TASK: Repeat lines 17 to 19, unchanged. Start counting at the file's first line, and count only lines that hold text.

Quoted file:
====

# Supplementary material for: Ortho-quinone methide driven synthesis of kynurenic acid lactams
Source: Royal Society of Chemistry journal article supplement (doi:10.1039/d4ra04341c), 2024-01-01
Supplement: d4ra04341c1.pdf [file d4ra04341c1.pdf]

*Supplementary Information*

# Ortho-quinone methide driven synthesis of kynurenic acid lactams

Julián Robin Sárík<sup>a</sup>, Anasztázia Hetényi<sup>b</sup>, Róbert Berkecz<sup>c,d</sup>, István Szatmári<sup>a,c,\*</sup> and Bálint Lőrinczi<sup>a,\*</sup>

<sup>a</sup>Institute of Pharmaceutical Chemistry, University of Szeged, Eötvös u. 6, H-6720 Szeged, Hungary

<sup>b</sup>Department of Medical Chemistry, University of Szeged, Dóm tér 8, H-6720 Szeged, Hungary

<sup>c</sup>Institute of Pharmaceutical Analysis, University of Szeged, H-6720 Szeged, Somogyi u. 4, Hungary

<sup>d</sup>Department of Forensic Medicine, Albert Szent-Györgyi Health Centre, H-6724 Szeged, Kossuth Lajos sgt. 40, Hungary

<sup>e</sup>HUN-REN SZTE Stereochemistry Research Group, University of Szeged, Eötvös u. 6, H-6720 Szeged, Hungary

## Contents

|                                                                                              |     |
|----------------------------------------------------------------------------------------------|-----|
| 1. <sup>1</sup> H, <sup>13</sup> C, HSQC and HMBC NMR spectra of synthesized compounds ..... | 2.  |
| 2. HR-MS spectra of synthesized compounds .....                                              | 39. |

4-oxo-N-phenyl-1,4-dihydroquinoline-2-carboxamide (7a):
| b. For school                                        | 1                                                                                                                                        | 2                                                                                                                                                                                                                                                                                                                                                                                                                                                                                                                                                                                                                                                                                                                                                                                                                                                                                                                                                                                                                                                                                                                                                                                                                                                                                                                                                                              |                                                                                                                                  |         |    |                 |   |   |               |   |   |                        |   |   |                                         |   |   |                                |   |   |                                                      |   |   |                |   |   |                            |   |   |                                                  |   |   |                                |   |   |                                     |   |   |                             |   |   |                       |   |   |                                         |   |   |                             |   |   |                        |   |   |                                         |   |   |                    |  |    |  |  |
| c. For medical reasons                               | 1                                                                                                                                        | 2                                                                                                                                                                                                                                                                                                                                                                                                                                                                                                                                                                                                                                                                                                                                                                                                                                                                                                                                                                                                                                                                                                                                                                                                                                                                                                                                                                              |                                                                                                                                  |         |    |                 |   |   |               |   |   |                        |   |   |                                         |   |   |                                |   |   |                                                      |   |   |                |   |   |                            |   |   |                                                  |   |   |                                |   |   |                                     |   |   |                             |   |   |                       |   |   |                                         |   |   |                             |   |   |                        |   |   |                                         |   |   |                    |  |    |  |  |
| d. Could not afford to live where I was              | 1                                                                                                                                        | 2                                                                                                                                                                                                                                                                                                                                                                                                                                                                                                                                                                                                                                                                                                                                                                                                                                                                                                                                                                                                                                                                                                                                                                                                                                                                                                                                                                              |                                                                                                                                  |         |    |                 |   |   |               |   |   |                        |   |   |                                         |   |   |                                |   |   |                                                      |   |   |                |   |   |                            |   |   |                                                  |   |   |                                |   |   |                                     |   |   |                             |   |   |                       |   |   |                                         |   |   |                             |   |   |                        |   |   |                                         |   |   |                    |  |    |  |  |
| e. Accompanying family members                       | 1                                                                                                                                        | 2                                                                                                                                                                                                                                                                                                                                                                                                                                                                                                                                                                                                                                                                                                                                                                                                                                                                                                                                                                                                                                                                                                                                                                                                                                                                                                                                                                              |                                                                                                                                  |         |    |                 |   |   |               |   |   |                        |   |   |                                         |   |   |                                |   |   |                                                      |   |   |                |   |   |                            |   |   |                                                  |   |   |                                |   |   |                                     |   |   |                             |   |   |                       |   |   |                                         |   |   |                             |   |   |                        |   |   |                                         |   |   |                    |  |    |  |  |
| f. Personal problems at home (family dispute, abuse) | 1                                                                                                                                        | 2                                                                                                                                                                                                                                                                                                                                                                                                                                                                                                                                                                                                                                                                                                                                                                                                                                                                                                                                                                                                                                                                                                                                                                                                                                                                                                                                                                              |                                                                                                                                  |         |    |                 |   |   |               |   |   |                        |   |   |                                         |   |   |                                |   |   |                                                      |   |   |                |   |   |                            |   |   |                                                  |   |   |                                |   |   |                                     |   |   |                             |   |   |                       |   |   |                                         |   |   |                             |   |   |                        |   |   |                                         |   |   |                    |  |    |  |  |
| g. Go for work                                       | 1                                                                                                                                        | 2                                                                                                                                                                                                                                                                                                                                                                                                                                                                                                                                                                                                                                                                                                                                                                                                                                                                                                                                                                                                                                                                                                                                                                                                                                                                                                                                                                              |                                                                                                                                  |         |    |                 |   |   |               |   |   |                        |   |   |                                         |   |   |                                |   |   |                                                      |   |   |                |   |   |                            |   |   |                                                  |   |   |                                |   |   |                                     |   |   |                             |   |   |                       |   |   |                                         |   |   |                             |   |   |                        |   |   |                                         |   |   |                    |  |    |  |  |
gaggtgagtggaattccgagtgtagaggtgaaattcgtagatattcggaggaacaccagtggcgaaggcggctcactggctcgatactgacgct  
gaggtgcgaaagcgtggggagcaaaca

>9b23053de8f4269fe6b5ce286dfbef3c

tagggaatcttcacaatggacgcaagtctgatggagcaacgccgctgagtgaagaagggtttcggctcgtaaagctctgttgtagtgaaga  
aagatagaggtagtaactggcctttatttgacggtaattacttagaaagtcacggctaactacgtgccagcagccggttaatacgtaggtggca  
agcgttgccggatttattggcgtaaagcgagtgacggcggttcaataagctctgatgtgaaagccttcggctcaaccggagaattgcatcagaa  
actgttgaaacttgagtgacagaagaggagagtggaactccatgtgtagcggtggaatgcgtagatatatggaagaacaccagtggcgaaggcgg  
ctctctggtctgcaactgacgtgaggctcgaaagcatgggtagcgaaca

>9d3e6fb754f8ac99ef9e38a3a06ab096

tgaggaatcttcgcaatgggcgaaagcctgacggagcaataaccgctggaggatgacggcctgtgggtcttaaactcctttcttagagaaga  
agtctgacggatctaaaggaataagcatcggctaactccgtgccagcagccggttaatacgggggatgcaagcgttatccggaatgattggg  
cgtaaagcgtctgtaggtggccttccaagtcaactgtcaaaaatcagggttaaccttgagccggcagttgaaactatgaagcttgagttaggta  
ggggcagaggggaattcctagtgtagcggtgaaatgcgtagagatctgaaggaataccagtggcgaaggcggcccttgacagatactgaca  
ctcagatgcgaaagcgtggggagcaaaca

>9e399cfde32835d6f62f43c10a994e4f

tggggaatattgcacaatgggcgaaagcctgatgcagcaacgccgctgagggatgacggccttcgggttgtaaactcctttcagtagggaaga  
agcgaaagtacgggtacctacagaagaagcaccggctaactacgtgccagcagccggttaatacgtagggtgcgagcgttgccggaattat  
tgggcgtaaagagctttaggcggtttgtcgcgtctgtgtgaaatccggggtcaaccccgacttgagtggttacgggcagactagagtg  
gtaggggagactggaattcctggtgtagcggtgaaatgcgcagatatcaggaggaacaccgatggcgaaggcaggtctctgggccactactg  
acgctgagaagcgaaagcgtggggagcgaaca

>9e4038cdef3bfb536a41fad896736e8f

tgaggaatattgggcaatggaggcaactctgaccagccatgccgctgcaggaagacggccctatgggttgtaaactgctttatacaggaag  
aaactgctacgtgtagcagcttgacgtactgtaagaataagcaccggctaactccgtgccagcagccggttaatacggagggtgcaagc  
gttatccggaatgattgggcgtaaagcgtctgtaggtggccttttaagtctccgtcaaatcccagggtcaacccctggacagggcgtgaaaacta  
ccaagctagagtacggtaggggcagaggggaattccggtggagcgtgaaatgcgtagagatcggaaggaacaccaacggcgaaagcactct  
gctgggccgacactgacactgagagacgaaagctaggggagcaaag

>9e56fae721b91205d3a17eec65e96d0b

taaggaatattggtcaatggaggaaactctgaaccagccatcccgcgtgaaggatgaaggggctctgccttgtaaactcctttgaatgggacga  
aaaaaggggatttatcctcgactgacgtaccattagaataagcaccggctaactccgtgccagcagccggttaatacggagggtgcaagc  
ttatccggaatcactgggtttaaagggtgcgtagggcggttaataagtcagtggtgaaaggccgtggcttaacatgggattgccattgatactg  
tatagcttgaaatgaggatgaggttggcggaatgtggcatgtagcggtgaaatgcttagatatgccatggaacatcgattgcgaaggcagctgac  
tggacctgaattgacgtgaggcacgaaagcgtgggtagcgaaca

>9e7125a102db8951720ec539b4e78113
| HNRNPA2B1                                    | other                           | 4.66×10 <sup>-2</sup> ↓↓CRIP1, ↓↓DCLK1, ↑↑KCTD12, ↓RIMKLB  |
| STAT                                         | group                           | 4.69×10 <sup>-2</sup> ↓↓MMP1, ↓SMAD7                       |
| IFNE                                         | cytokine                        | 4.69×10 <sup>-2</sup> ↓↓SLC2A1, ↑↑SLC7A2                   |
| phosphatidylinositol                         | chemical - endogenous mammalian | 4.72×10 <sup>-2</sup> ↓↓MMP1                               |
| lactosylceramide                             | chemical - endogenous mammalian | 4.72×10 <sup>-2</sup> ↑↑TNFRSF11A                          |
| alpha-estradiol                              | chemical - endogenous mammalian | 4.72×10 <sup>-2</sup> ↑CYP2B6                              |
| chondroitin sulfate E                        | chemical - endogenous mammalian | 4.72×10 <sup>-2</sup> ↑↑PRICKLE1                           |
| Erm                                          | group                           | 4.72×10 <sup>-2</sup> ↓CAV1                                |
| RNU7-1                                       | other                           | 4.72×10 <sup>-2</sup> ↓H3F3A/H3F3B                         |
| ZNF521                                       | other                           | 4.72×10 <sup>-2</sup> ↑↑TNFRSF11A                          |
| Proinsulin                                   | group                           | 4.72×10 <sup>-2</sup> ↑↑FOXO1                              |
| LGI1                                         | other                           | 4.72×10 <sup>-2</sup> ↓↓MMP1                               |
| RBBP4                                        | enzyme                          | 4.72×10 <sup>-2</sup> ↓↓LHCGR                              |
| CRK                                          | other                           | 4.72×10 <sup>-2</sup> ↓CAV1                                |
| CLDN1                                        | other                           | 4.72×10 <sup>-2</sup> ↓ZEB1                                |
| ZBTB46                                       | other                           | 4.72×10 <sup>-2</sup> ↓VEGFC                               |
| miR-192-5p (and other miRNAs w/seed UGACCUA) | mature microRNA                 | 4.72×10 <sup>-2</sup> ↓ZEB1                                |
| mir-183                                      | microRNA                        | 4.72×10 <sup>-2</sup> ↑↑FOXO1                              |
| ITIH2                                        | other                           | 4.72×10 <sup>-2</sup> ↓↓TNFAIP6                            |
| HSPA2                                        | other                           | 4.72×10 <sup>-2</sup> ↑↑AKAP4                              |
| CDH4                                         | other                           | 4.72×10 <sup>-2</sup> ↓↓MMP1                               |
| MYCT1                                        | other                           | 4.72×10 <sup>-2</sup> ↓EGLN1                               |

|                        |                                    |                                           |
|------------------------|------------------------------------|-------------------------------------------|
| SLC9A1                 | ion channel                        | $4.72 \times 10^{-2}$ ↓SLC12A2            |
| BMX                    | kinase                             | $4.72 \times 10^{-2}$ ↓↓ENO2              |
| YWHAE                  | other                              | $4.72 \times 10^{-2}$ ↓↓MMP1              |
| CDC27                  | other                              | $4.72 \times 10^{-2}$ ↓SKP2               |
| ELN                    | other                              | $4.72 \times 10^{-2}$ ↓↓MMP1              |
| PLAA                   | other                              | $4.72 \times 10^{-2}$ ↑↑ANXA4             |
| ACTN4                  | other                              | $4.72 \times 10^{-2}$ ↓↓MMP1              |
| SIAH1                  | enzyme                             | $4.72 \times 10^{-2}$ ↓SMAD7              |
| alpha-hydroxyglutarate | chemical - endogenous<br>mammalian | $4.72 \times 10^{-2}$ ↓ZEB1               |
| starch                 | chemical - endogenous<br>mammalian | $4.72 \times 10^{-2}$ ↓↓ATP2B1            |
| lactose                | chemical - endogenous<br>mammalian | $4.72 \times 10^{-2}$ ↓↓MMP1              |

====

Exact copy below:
4-oxo-N-phenyl-1,4-dihydroquinoline-2-carboxamide (7a):
| b. For school                                        | 1                                                                                                                                        | 2                                                                                                                                                                                                                                                                                                                                                                                                                                                                                                                                                                                                                                                                                                                                                                                                                                                                                                                                                                                                                                                                                                                                                                                                                                                                                                                                                                              |                                                                                                                                  |         |    |                 |   |   |               |   |   |                        |   |   |                                         |   |   |                                |   |   |                                                      |   |   |                |   |   |                            |   |   |                                                  |   |   |                                |   |   |                                     |   |   |                             |   |   |                       |   |   |                                         |   |   |                             |   |   |                        |   |   |                                         |   |   |                    |  |    |  |  |
| c. For medical reasons                               | 1                                                                                                                                        | 2                                                                                                                                                                                                                                                                                                                                                                                                                                                                                                                                                                                                                                                                                                                                                                                                                                                                                                                                                                                                                                                                                                                                                                                                                                                                                                                                                                              |                                                                                                                                  |         |    |                 |   |   |               |   |   |                        |   |   |                                         |   |   |                                |   |   |                                                      |   |   |                |   |   |                            |   |   |                                                  |   |   |                                |   |   |                                     |   |   |                             |   |   |                       |   |   |                                         |   |   |                             |   |   |                        |   |   |                                         |   |   |                    |  |    |  |  |